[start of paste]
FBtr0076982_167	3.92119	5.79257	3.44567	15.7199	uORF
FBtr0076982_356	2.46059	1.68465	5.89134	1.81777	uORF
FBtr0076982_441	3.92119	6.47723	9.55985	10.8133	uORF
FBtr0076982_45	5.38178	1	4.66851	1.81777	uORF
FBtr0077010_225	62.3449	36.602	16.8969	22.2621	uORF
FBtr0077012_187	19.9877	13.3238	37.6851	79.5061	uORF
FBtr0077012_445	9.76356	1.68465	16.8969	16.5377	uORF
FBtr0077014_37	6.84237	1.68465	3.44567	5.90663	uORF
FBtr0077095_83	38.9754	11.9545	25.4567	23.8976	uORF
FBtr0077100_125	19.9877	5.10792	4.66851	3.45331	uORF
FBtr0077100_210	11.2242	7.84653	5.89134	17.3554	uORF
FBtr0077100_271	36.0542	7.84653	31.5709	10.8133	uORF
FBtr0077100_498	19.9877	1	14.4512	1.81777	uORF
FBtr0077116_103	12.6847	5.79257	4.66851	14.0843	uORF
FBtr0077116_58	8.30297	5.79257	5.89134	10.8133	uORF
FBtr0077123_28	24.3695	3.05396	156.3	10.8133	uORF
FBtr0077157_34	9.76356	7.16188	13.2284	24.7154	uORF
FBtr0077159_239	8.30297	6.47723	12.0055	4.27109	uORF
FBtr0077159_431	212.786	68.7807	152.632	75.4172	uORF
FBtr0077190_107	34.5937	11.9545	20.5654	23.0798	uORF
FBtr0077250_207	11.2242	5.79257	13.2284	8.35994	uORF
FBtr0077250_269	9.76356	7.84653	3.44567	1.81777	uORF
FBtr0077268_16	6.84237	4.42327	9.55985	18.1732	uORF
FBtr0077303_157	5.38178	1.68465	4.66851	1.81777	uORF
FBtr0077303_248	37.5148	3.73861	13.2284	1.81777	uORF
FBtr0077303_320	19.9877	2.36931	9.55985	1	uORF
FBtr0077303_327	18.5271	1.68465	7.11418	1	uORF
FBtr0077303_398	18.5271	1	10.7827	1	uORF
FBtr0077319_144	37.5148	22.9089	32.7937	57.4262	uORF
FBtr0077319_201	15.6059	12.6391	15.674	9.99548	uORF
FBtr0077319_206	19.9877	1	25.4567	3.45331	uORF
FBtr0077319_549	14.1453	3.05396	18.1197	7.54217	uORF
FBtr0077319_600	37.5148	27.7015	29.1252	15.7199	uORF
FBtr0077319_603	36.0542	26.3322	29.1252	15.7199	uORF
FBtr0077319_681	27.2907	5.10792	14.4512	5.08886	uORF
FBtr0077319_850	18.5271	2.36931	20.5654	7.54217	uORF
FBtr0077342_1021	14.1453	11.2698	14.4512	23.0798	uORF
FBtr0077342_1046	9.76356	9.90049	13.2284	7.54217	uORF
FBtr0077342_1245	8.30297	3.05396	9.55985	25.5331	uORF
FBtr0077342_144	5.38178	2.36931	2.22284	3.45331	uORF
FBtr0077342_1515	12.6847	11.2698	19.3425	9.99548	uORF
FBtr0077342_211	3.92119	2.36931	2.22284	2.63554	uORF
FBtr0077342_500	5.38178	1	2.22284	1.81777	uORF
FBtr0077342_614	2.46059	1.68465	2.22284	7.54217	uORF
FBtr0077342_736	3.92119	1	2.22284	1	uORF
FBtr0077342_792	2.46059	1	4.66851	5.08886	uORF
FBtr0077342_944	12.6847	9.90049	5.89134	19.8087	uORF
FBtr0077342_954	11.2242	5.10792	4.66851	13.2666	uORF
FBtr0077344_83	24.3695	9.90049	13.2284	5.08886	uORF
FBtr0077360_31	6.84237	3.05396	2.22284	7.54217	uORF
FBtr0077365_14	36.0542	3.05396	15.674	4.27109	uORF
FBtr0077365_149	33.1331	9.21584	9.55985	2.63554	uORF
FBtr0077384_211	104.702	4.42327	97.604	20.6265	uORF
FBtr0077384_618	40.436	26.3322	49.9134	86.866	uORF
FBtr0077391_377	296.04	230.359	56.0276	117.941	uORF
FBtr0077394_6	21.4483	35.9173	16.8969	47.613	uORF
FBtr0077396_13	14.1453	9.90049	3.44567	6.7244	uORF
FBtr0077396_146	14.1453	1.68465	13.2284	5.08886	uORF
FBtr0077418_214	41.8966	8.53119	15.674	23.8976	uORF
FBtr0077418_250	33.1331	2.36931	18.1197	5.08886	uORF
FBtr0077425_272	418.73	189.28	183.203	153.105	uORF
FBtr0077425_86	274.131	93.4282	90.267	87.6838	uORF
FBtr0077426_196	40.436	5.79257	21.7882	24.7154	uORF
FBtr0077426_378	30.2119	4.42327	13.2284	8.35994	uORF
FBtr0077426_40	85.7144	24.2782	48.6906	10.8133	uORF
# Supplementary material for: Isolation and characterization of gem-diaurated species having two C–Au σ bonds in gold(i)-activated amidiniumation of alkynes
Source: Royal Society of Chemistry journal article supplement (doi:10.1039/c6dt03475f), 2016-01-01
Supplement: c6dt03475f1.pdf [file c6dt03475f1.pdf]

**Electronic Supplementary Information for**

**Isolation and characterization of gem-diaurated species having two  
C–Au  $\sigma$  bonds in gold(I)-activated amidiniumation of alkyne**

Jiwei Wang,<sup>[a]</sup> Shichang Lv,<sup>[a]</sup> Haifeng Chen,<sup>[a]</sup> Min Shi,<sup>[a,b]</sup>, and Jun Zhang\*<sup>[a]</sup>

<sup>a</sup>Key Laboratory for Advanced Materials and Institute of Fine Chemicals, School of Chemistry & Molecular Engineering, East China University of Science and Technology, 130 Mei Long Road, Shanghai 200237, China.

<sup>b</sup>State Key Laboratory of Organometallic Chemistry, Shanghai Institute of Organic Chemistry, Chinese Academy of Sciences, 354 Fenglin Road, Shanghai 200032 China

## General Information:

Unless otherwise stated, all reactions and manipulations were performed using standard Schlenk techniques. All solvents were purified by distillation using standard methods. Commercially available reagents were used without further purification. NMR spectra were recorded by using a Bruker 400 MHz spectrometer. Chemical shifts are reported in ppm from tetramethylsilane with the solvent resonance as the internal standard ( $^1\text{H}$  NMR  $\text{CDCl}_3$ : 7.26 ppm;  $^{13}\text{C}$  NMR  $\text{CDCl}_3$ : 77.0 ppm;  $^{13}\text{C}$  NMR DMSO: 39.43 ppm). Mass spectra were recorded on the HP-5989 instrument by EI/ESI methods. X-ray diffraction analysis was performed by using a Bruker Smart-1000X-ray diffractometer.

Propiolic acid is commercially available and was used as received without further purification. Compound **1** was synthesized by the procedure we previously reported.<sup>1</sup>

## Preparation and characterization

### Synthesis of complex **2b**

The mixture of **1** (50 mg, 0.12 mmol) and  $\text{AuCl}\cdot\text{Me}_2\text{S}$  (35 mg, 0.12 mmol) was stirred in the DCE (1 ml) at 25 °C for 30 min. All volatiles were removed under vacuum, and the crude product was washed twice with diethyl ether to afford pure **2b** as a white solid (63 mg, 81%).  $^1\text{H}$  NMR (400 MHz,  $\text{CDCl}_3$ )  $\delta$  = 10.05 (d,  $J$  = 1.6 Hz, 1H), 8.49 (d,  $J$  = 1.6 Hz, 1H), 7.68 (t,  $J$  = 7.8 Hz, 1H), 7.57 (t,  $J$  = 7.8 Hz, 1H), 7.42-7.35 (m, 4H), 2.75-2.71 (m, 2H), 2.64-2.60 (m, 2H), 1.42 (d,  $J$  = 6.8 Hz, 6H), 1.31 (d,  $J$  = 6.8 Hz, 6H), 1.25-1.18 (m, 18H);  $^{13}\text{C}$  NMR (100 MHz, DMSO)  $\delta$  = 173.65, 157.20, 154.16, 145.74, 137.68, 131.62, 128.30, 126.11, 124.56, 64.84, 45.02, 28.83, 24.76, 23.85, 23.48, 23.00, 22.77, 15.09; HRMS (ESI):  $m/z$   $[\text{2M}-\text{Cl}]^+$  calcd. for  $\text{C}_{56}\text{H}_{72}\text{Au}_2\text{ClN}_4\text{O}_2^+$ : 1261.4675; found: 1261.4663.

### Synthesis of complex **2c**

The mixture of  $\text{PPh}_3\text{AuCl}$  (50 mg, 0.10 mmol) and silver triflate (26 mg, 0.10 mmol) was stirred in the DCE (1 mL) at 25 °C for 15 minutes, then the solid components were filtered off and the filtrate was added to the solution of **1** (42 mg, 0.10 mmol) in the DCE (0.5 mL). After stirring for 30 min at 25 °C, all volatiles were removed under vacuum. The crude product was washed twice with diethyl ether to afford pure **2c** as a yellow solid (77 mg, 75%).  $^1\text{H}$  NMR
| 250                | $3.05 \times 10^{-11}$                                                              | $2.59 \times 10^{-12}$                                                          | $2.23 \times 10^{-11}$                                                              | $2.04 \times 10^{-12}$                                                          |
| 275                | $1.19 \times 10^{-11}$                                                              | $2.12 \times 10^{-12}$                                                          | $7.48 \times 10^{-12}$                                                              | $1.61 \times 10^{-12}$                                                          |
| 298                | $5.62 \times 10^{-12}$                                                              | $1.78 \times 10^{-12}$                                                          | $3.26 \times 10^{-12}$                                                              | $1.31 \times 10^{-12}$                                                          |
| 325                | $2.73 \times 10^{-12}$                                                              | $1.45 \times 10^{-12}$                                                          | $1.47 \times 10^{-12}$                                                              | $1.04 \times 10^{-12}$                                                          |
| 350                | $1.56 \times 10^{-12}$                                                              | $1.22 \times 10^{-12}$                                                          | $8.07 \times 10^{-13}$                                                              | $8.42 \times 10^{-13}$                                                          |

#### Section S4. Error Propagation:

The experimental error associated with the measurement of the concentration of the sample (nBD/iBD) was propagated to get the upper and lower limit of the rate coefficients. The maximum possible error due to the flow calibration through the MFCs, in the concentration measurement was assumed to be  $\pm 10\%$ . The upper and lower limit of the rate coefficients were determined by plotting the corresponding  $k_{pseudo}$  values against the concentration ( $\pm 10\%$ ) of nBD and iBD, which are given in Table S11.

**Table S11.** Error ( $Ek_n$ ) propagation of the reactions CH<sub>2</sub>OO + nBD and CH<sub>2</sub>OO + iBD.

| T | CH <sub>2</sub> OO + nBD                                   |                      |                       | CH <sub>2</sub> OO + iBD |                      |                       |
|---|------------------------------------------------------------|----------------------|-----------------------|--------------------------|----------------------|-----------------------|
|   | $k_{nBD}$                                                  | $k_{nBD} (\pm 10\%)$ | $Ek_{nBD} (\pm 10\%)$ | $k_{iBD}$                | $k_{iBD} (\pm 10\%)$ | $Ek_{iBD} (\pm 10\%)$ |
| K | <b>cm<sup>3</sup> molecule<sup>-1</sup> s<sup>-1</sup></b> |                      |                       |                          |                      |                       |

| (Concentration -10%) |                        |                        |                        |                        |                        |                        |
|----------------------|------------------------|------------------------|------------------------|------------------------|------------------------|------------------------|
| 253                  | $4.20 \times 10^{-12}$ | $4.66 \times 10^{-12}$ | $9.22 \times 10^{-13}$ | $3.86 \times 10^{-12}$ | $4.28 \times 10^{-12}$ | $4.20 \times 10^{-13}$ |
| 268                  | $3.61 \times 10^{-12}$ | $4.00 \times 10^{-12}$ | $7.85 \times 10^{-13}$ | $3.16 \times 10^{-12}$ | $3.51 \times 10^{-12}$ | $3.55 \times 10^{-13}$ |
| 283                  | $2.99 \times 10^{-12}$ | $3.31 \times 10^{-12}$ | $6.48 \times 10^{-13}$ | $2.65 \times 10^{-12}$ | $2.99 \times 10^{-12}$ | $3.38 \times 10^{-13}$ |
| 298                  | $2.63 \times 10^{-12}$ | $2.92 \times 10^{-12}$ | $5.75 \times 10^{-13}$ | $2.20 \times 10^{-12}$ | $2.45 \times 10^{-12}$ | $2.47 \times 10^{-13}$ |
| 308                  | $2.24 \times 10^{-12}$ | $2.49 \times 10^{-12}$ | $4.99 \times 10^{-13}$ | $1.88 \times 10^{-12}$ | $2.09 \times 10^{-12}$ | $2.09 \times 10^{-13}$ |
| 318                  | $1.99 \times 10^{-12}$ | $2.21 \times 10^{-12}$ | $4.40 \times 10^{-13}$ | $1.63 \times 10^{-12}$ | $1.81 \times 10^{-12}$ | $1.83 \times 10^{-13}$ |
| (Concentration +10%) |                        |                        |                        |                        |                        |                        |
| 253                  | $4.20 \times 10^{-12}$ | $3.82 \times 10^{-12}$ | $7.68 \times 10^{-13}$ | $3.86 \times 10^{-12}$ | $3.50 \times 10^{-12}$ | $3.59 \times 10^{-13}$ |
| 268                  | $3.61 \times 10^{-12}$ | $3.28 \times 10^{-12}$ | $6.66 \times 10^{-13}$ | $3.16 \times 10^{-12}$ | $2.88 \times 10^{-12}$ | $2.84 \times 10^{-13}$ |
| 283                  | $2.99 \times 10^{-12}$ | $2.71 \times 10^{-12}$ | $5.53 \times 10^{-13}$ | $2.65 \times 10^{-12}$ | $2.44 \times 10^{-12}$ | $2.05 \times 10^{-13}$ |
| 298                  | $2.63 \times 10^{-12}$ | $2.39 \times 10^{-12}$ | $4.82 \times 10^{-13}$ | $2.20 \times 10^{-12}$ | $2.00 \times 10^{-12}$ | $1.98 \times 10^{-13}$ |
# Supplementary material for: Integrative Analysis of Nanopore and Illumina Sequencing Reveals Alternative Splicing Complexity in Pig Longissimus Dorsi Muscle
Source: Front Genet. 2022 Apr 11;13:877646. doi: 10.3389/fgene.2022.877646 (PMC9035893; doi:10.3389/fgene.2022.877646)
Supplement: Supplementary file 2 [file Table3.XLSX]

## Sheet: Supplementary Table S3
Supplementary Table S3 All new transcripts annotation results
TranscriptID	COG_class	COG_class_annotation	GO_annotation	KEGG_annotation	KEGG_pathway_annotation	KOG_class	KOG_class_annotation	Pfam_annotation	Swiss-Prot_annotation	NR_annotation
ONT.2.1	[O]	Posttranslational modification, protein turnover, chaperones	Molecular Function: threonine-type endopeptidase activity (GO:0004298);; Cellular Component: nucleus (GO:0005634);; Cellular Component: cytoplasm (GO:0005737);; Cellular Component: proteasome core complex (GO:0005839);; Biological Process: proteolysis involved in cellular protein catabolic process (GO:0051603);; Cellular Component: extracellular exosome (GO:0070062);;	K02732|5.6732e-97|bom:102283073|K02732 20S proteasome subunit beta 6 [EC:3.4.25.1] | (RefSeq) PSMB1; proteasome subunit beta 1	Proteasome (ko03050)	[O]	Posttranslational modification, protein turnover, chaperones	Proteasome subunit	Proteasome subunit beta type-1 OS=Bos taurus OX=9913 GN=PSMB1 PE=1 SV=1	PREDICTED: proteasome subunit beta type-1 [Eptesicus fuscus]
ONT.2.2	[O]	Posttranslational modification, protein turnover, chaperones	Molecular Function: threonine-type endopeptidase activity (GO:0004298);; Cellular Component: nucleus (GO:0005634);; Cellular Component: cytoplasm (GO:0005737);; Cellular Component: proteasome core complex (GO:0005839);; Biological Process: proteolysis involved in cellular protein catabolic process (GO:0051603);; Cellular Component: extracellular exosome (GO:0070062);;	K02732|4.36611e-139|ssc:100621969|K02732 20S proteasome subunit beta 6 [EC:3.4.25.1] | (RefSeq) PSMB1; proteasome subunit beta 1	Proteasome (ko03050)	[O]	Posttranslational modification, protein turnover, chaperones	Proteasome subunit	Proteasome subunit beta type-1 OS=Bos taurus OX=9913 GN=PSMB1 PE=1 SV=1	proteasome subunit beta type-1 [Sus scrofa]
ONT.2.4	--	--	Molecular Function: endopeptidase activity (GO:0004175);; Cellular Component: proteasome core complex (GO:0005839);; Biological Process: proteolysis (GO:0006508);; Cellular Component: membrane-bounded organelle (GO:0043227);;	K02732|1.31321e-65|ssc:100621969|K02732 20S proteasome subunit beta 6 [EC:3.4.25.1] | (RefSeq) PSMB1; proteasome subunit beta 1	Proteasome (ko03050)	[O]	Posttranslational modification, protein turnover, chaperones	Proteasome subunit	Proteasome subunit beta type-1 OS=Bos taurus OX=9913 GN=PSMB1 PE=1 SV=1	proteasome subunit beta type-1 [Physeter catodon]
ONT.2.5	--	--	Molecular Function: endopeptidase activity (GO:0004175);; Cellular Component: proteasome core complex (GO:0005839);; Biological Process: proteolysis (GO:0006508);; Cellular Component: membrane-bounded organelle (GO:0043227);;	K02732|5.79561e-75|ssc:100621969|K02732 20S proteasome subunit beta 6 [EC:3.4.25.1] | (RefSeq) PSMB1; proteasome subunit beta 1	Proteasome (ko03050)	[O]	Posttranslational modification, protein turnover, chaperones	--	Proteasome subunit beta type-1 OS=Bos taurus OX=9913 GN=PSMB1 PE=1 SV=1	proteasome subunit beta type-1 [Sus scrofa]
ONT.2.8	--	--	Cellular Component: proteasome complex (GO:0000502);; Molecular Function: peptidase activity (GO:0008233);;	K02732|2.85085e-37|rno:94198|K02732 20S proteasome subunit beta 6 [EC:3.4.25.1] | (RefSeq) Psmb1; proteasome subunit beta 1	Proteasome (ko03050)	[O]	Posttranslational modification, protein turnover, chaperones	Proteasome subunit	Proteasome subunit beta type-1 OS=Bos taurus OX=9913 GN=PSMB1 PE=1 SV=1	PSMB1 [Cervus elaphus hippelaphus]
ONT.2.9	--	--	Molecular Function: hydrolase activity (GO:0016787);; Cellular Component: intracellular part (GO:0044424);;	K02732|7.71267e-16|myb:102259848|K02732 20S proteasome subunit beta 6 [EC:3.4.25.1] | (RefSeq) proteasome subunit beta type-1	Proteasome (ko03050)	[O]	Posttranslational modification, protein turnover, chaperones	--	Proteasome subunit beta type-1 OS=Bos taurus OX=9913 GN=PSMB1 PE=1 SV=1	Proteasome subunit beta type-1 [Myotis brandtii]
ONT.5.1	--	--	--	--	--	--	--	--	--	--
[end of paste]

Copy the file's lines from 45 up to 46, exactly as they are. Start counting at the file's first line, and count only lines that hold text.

FBtr0077342_736	3.92119	1	2.22284	1	uORF
FBtr0077342_792	2.46059	1	4.66851	5.08886	uORF